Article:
SBD: another Robyn Donald category

I’ve gotten out of the habit of scanning category releases. Too many virgins, mistresses, billionaires, greeks, sheikhs and secret babies. But while browsing at B&N last week (or the week before? it all blurs together), I saw that Robyn Donald, perhaps my favorite Harlequin Presents author, had a new book out. Even better, it is set in New Zealand; I’ve harped on this before, but I think one of the best things about Donald’s books is the way setting is almost a character itself. Princes from made up European countries? Meh.

Title: Powerful Greek, Housekeeper Wife (There still had to be a Greek billionaire in the mix somewhere, of course!)

Cover art: fairly standard HP stuff. Somewhat relevant, since as housekeeper/nanny, Iona does spend time in a swimsuit.

The blurb: With the body of a Greek god, a tycoon’s wealth and all the emotion of cold, hard marble, Luke Michelakis is an enigma. Intimidated and out of her depth in his glamorous world, Iona Guthrie has consigned their brief passionate affair to the recesses of her secret memories.

But two years later the powerful Greek and the housekeeper find themselves together again under the same roof, and Luke has a startling proposition: he’s looking for a wife and, as he discovered once before, Iona meets all his requirements….

As usual, not entirely accurate. Iona and Luke had a vacation fling on Tahiti, and Iona basically dumped Luke when he asked her to go back to Europe with him. [He asked her to go, she said no, then he said he’d "look after her" and was looking forward to making her change her mind. Yeah, at that point, the arrogant ass factor was pretty high.] Anyway, they meet again years later when she is organizing the guest apartment he’ll be staying in, helping her sister out with her housekeeping business. Iona herself is a nursery school teacher. [Seriously, housekeeper and nursery school teacher? Could there be any more traditionally gendered jobs for a heroine?]

Luke’s adopted daughter (actually his half-sister) is in need of care, as her nanny has a family emergency, and Luke more or less blackmails Iona into the job. Following that, they end up in a marriage of convenience for purposes of strengthening Luke’s case for custody of his sister/daughter. Add in some comments about women being naturally treacherous, and being unable to speak to other men without being accused of flirting and making promises with her smile, and you have their dysfunctional romance.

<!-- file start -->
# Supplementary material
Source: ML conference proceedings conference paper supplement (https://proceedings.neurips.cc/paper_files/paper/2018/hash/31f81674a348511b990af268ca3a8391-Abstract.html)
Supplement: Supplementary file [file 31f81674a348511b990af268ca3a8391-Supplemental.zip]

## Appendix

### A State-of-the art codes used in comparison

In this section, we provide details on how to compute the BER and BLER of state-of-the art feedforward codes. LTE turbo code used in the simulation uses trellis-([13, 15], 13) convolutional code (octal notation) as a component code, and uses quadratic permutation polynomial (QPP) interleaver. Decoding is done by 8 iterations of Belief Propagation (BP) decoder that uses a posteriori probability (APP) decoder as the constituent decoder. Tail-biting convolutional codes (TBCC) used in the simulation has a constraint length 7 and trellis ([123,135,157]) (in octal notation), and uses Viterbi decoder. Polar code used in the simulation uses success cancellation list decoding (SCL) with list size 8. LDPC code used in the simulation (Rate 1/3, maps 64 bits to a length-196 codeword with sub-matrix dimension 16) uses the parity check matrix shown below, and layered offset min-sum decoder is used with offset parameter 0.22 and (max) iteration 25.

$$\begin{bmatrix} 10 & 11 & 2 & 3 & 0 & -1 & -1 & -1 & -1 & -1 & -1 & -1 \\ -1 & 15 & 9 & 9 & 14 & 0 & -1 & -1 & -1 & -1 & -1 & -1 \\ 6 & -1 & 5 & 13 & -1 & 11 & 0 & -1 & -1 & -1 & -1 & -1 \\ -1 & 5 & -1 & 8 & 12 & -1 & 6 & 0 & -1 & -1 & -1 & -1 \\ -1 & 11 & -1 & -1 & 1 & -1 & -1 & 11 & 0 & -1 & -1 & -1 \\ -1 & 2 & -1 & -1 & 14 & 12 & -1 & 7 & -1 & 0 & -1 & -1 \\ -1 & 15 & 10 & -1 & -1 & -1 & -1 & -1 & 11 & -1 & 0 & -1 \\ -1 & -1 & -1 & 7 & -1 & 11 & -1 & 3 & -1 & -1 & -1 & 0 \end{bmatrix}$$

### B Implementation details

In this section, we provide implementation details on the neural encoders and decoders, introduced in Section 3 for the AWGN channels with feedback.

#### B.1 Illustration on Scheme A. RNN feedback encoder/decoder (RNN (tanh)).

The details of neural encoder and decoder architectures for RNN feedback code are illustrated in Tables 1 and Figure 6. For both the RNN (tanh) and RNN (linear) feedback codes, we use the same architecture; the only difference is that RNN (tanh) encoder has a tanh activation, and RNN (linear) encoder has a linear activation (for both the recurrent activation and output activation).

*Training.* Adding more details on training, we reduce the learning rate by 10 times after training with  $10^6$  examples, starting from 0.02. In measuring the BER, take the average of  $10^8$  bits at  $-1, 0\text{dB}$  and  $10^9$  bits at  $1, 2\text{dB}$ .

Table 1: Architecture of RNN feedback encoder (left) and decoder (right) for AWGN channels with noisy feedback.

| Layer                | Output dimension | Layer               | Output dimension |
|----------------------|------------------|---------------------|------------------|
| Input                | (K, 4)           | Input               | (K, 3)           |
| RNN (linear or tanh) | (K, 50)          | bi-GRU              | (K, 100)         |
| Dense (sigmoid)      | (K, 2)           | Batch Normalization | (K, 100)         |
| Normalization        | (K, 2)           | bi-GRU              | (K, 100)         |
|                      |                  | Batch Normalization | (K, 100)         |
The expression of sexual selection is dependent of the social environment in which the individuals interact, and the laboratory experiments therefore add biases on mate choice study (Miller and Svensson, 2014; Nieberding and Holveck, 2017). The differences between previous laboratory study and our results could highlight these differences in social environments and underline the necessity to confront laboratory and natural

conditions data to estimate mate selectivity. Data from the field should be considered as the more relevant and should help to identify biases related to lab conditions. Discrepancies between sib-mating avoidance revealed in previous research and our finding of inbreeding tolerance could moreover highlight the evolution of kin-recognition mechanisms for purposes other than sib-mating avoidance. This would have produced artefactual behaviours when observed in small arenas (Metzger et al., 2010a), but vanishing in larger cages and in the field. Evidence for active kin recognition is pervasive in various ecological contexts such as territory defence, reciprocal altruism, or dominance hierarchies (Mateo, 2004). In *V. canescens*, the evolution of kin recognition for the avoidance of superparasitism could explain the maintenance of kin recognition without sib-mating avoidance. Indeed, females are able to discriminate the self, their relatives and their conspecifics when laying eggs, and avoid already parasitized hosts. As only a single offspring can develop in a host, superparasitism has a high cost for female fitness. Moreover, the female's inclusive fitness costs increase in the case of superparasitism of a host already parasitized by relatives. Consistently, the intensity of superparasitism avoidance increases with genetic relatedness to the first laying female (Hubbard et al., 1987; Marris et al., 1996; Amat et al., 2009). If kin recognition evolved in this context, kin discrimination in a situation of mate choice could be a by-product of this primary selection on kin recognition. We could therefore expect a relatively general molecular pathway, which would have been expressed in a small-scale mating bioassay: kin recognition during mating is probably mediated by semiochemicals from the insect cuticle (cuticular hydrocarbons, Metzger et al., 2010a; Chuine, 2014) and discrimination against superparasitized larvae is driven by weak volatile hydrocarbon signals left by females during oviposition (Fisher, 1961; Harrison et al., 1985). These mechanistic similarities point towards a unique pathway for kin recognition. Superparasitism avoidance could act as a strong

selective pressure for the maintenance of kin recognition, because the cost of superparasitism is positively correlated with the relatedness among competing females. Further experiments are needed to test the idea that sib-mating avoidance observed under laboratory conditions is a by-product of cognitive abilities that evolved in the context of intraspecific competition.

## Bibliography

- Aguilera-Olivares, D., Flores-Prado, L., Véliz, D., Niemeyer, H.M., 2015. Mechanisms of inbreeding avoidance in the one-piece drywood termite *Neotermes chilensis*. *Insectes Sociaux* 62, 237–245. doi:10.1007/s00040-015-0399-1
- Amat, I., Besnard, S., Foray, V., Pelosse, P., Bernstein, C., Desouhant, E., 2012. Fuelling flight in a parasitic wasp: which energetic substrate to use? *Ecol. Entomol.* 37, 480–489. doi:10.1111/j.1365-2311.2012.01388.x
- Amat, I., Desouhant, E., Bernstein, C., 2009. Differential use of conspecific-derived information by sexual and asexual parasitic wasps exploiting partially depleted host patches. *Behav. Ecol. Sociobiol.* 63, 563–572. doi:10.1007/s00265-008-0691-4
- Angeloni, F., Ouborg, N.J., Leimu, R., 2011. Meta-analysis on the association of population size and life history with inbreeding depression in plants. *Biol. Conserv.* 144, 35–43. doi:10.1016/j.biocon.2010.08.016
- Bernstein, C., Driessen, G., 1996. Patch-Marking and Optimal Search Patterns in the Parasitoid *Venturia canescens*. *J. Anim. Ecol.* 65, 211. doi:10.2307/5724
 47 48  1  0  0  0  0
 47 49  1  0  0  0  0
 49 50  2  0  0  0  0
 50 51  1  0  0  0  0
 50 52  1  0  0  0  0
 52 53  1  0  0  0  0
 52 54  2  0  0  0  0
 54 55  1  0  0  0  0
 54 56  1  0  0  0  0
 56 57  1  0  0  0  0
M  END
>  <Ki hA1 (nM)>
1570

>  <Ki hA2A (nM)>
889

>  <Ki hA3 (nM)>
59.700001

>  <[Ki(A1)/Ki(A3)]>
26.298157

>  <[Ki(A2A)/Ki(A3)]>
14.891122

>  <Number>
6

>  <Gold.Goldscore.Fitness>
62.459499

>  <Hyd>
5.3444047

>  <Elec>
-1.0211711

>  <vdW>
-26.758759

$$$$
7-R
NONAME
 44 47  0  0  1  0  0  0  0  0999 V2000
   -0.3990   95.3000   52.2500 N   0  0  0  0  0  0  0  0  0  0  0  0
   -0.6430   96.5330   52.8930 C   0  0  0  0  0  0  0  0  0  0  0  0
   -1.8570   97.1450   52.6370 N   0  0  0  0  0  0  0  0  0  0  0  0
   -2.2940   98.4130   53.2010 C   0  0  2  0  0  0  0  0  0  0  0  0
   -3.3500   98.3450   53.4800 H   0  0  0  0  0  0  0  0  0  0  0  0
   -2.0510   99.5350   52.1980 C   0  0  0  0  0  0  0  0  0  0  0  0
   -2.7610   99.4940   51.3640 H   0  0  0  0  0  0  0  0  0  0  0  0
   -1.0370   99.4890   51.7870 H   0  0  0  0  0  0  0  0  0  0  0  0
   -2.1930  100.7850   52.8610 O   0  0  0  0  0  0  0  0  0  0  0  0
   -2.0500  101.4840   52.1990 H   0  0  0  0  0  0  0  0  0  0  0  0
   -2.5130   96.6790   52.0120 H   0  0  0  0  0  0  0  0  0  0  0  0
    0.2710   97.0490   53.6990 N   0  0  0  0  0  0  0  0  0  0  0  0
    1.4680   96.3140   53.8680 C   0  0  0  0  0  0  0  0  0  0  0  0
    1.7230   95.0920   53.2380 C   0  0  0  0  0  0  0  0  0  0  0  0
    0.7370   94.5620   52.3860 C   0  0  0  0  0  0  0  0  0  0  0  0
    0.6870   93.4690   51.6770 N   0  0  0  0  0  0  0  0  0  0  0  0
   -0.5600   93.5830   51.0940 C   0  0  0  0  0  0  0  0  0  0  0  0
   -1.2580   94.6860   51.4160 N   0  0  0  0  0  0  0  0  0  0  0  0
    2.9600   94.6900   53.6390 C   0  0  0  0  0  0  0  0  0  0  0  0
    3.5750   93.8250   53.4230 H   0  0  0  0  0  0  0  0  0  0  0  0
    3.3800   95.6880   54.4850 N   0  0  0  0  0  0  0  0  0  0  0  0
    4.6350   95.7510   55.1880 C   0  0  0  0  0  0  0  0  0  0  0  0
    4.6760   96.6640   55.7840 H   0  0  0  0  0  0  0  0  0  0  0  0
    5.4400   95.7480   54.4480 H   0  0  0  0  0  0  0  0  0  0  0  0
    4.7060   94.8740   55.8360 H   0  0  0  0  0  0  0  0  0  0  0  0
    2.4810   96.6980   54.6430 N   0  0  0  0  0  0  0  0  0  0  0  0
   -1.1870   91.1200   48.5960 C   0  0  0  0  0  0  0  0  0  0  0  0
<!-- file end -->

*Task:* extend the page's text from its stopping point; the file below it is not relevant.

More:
I spent the entire time I was reading the book rolling my eyes at the hero’s jerky behavior, which is only slightly mitigated by the fact that readers get snippets of Luke’s POV, and see how much he wants -and loves- Iona. He admits the love part early on, which is a relative rarity.

As an HP, this was slightly better than average. But I probably would not recommend it as an intro to the subgenre for readers new to HPs.

One thing that always perplexes me about HPs is the mistressing. What makes a mistress? Is it being unmarried and having an on-going sexual relationship? Must money change hands? It makes sense to me as a historical construct but loses something in modern relationships for me. Beyond that, I found Luke’s musing that he wasn’t foolish enough to tall in love with his mistresses to be confusing because Iona was never his mistress. Vacation fling /= mistress. When offered the role, she declined. Then employee (nanny, without sex involved). Where then was the mistressing?

Semi-related: Donald’s backlist is gradually being digitized and sold over at eHarlequin. There are several new/old books out this month and next, including…[sorry, meant to put a list here but got sidetracked.]

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2 Comments

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2 responses to “SBD: another Robyn Donald category

  1. I have a feeling HP’s are not for me. Men equating a smile or basic politeness with flirting/cheating/promiscuity are a big flashing “this’ll never be an HEA!!!!” neon sign for me.

    • HPs are an acquired taste: I acquired it as a teenager (my intro to romance) and have almost-but-not-quite managed to get rid of it. The smile=flirting is usually shorthand for the hero’s uncertainty and passion for the heroine (which doesn’t thrill me) but in this case the hero acknowledged that he was being ridiculous when the heroine called him on it.

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